Many businesses are either torn between building an app or a mobile website, or they may not even fully grasp the difference between the two, if you are unclear, we have outlined the difference between the two below, and also highlighted the advantages and disadvantages:
The term ‘app’ is an abbreviated term for software application, and one of the defining features of an app is that it must be downloaded on a device for the user to access it. So, if you create an app for your business, you will have to submit it for approval to an app store, and then your customers or user base will have to look for it in that app store and download it.
There are several advantages to developing an app for your business. First, apps allow businesses (assuming the app user agrees) to send out push and/or in-app notifications. The ability to reach a customer base that is already aware of your brand and interested in it (otherwise they wouldn’t have downloaded the app in the first place) is tremendously valuable, but it’s important to note that many users opt out of notifications.
Another benefit of apps is the ability to use them offline. While most app functions, like accessing maps and making in-app purchases or calls, only work online, the basic information in the app (such as store location, hours, menus and products) can be accessible even without service.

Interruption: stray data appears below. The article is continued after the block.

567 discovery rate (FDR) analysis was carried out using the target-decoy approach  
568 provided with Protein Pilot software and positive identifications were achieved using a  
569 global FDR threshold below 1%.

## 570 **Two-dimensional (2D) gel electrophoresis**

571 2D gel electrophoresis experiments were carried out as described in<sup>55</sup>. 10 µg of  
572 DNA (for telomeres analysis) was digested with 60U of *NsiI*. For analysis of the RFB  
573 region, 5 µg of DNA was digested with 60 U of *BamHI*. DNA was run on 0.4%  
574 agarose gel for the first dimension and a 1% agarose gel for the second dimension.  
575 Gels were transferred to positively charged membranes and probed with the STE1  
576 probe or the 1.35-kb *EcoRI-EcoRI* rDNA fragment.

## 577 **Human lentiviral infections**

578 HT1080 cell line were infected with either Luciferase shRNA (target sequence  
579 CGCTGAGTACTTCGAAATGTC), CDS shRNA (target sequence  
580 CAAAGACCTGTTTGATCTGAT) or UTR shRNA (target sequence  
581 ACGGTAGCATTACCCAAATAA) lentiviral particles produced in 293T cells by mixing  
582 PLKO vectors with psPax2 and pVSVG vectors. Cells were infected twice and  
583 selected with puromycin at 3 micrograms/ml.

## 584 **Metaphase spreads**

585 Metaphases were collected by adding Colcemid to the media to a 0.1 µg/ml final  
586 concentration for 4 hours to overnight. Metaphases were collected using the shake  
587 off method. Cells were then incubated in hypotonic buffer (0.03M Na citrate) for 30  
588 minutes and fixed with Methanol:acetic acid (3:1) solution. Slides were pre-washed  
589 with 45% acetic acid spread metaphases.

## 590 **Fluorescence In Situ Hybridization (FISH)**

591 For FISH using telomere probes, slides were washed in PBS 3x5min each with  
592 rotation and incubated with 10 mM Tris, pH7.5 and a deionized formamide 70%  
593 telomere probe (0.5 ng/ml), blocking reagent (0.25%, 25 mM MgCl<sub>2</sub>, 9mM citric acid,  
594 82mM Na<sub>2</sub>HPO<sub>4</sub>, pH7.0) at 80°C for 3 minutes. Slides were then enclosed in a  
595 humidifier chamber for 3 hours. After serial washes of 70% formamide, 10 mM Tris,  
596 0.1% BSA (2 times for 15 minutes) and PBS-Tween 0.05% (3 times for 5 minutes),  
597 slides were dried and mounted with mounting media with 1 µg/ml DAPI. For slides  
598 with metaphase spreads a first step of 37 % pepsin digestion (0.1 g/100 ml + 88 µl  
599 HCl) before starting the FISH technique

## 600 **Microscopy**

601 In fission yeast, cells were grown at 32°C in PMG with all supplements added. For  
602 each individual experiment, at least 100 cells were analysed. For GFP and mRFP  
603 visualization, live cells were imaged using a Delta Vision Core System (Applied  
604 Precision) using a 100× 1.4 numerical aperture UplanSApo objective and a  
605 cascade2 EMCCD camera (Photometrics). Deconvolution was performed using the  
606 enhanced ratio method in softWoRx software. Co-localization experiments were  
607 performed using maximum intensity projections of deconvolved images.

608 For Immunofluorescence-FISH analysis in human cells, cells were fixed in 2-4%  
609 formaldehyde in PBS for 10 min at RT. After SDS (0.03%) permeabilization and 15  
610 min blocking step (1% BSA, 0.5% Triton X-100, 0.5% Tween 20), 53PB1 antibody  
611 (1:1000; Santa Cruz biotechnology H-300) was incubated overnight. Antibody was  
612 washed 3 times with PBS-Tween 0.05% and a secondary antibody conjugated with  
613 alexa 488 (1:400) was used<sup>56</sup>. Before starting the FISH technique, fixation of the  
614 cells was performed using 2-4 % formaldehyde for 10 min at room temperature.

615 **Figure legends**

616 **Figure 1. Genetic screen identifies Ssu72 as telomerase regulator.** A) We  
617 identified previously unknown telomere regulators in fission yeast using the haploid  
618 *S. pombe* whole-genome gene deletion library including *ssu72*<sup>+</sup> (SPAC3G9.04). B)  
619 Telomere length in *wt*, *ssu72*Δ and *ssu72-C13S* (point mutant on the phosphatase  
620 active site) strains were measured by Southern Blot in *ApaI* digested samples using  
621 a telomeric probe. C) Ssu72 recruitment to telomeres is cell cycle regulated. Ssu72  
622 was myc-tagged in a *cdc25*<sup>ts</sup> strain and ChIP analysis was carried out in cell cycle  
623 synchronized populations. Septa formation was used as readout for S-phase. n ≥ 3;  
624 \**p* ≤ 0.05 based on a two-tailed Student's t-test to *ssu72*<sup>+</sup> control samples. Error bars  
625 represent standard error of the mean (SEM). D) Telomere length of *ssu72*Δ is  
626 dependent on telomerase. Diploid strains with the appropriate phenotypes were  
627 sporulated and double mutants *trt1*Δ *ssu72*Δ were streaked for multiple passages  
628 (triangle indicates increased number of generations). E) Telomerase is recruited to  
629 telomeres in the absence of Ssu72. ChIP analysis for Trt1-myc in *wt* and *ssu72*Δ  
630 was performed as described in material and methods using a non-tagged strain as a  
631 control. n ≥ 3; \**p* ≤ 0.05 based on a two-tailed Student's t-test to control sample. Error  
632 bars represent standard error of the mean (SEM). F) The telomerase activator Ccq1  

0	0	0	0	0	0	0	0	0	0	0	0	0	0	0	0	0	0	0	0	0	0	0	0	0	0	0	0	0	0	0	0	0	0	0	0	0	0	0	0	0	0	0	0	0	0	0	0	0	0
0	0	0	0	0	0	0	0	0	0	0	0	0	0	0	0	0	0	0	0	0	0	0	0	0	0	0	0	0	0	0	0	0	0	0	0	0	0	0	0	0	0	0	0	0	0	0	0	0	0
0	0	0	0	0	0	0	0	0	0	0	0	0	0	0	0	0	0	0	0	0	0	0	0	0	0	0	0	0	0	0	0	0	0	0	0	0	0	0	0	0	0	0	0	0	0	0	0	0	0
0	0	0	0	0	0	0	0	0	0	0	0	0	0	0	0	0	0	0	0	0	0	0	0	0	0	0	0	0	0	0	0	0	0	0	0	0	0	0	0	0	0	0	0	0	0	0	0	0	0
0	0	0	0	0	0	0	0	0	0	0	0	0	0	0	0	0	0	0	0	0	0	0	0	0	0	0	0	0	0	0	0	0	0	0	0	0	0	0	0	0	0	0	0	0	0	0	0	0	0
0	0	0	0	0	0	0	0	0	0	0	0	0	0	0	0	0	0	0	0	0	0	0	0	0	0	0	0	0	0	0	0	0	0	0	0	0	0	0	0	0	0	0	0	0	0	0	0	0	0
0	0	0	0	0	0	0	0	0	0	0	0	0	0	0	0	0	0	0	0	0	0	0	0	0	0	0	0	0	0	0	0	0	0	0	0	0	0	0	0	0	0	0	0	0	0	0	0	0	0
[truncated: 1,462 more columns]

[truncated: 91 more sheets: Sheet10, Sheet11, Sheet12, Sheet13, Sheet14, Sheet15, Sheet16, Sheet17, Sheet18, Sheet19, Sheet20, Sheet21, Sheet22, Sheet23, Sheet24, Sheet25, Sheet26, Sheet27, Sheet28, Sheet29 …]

Creating, publishing, publicizing and maintaining apps can be more time-consuming than managing a mobile website. First, if you want to reach people who use Apple and Android products, you’ll have to submit your app for approval in both the Apple App Store and the Google Play Store. The guidelines for acceptance into app stores are not written in stone, and as they change, you will have to make sure your app stays in compliance with the rules. Additionally, most businesses require a website as well as an app, so understand that if you go the app route (unless you’re planning on forgoing websites all together, which is inadvisable), you’ll probably also need to create a website.
Another obstacle you may face after creating a business app is getting users to find and use it. If you own a well-established business and have a marketing plan in place to tell customers about your app, or your app offers some valuable functionality to users, this may not be an issue.
Before smartphones and tablets were a thing, websites were created to display on laptop and desktop computers. The designs of such websites were unresponsive, which means they did not naturally scale to different screen sizes and were difficult to view and use on smaller screens. At first, this was not problematic because no one was trying to view websites on smartphones or tablets, but once mobile devices became popular, the disadvantages of website designs became clear. Then, mobile websites emerged, and many SMEs with existing websites created mobile versions of their sites so users could easily view them on the go and use them with touchscreen devices, sans mouse. For some time, apps, websites and mobile websites all existed in separate buckets, but now, responsive websites are becoming the norm and the lines are blurring.